Rügen Island - Places: A witch’s Travel Guide

The Element Encyclopedia of Witchcraft: The Complete A-Z for the Entire Magical World - Judika Illes 2005

Rügen Island
Places: A witch’s Travel Guide

Very little is now known about ancient Teutonic goddess traditions; the Teutonic tribes left no writing and descriptions. What little is known derives from writings by outsiders to their culture—Pagan Romans and Christian missionaries.

Among the little that is known (mainly from Roman sources) involves the grove of the goddess Herta on Rügen Island. (See DIVINE WITCH: Herta.) Rügen Island, the largest of the German islands, is located in the Baltic Sea, off the northwest coast of Pomerania. It was once covered with beech forests.

A deep black lake on Rügen Island was surrounded by woods. Herta’s sacred grove was allegedly by the lakeside. Although she has not been actively worshipped for centuries, Herta’s association with Rügen Island, her stronghold where Odin once came courting her, remains powerful. The lake is still called Hertha Lake. Ruins of a castle (“Hertha Castle”) are located nearby, not far from the Stubbenkammer (Slavonic for “rock steps”), a sheer chalk cliff. Some believe that these remnants are what is left of the goddess’ sacred shrine. The area remains wooded.

According to reports, the statue of the goddess Herta was ritually removed from the shrine and bathed in the lake several times a year. Herta’s rites were secret and little else is known. (Whether they were always secret or whether secrecy increased under Roman threat is also unknown.) Allegedly most ritual attendants were drowned following fulfillment of their tasks, although whether as sacrifices to Herta or whether to maintain secrecy (to make sure they’ll never reveal her secrets) is also now unknown.

Although no longer actively worshipped, Herta has apparently not abandoned her old hometown. According to local lore, on Full Moon nights, a beautiful woman emerges from the woods and bathes in the lake accompanied by female attendants. Once in the water, sometimes they become invisible but still can be heard splashing about. These specters eventually reappear, emerge from the water and disappear into the woods. The bathers do not welcome company and it is considered dangerous to observe them: allegedly observers feel magnetically drawn to enter the deep lake where they then drown. (Local rumor suggests that at least one person drowns annually.)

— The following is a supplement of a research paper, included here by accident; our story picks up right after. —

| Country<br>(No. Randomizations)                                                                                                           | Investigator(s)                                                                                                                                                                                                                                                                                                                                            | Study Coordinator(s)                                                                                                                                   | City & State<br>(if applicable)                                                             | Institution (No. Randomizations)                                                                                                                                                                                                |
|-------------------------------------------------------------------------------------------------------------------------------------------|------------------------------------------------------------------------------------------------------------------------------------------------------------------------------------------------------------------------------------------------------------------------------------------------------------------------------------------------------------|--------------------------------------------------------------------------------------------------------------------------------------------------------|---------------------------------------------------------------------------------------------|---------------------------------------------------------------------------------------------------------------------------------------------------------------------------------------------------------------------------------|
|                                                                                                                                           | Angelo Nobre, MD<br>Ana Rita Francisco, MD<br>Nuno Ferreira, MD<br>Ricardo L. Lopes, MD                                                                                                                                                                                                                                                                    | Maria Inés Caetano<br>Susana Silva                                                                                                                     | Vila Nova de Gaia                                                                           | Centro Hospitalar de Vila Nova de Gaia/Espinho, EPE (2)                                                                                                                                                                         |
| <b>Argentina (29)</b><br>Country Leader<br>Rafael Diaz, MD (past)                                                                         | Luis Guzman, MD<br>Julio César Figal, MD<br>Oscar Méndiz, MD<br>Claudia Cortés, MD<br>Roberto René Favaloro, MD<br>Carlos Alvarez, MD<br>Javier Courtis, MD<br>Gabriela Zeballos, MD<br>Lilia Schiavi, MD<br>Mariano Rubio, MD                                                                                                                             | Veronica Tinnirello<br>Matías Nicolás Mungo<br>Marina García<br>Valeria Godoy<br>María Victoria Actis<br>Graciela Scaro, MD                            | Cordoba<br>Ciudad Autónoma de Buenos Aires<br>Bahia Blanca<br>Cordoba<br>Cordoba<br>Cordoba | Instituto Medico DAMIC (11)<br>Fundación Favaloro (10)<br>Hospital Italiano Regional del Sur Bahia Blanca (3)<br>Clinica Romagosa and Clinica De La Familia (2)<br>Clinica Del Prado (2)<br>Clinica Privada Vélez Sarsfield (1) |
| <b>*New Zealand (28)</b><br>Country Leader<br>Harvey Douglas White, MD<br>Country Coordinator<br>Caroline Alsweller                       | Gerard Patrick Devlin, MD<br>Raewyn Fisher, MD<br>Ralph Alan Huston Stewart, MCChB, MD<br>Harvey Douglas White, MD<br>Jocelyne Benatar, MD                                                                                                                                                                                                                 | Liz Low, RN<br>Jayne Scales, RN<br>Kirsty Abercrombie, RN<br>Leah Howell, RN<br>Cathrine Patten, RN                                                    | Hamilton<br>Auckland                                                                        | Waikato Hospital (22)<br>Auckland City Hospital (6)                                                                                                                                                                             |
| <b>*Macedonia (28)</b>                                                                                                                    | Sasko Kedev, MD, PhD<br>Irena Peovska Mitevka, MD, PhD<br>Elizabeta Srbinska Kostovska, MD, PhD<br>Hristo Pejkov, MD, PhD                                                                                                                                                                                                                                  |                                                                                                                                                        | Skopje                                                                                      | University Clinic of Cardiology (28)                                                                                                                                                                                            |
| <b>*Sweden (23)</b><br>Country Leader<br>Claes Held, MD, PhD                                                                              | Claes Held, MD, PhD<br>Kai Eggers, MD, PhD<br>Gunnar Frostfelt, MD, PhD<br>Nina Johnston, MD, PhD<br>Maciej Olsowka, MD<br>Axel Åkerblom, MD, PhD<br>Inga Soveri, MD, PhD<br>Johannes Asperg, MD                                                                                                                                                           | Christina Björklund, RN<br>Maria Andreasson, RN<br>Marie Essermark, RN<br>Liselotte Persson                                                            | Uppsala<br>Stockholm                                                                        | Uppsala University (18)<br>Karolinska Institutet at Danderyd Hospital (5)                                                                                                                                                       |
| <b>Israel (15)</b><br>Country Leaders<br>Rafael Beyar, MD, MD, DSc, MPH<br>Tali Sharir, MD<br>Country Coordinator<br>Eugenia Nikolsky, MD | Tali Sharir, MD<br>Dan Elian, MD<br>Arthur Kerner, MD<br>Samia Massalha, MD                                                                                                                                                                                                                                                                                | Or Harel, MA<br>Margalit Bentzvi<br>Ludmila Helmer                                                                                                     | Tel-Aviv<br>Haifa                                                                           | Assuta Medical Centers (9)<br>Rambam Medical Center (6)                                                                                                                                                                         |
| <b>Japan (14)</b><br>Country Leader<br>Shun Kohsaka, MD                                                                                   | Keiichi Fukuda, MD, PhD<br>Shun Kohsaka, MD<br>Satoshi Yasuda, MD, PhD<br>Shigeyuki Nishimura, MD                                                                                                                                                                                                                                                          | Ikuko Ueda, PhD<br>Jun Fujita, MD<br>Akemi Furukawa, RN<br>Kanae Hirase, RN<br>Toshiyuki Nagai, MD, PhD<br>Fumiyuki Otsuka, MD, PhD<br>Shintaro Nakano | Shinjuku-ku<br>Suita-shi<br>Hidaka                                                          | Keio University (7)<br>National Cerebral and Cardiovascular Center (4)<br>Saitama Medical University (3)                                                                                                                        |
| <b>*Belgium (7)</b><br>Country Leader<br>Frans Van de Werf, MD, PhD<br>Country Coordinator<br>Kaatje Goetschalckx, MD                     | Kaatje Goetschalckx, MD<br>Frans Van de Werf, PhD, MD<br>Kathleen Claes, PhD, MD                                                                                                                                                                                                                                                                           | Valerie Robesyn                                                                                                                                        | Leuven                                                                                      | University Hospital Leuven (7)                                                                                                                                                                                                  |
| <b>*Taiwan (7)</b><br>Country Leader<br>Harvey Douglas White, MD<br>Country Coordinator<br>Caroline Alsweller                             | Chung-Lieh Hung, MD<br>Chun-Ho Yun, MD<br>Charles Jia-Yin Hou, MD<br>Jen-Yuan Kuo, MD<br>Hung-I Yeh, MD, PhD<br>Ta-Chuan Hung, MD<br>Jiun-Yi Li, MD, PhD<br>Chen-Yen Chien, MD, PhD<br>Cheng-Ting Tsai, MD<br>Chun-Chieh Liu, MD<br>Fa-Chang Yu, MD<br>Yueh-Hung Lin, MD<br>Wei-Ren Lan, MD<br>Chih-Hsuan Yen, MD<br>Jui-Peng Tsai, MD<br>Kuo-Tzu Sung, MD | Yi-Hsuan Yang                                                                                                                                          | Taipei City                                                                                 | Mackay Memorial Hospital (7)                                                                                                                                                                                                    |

Rügen, populated since at least 4000 BCE, was an important center of the ancient amber trade and as such was highly desirable real estate. (Among other stories related to Rügen Island is that it is Apollo’s original birthplace; Greek mythology sometimes describes him as coming from “the North.” The theory is that the Greeks encountered Apollo via amber trade routes.) It changed ownership many times over the centuries.

The Teutonic tribes were eventually displaced by Slavs, who considered the entire island to be sacred territory, and the groves in particular to be sacred to their war deity, Svantovit, revered by Balts and Slavs alike. (The name Rügen derives from the Slavic tribe, the Rugieris.) The island was also sacred to another Slavic deity, the seven-headed, sword-wielding war god Rugeviet, whose name literally means “Master of Rügen.” He had a sacred grove of rowan trees, his sacred tree.

Rügen remained among the very last bastions of European Paganism. Active Pagan worship continued openly throughout the twelfth century before it was violently suppressed.

Saterland is a region now within North West Germany close to the Dutch border. It contained an alder grove on an island deep in the Frisian moors that served as a witches’ dance ground and was allegedly a popular destination for witches and wizards from all over Europe throughout the Middle Ages.

Not all sacred groves are ancient history: some are living, vital traditions. In the 1950s, Austrian architect, painter and sculptor Suzanne Wenger arrived in Oshogbo (Osogbo), Nigeria. She married a traditional drummer and became deeply involved in the indigenous spiritual traditions of the region, eventually becoming a priestess of the orishas Obatala and Oshun.

When Wenger arrived, Oshun’s shrine and grove were in disrepair. Nigeria is now equally split between Christianity and Islam and indigenous sacred sites, for a variety of reasons, were neglected. Wenger and the local community set about re-building and revitalizing the shrine. Gates, walls, and Wenger’s sacred sculptures were installed. An annual festival honoring Oshun, attracting thousands from worldwide, is held every August in her Sacred Grove. Festivities last for nine days, the ninth day featuring a mass pilgrimage to the Oshun river. Although the grove is sacred to devotees and served by priestesses, it has also become a primary tourist attraction in the region.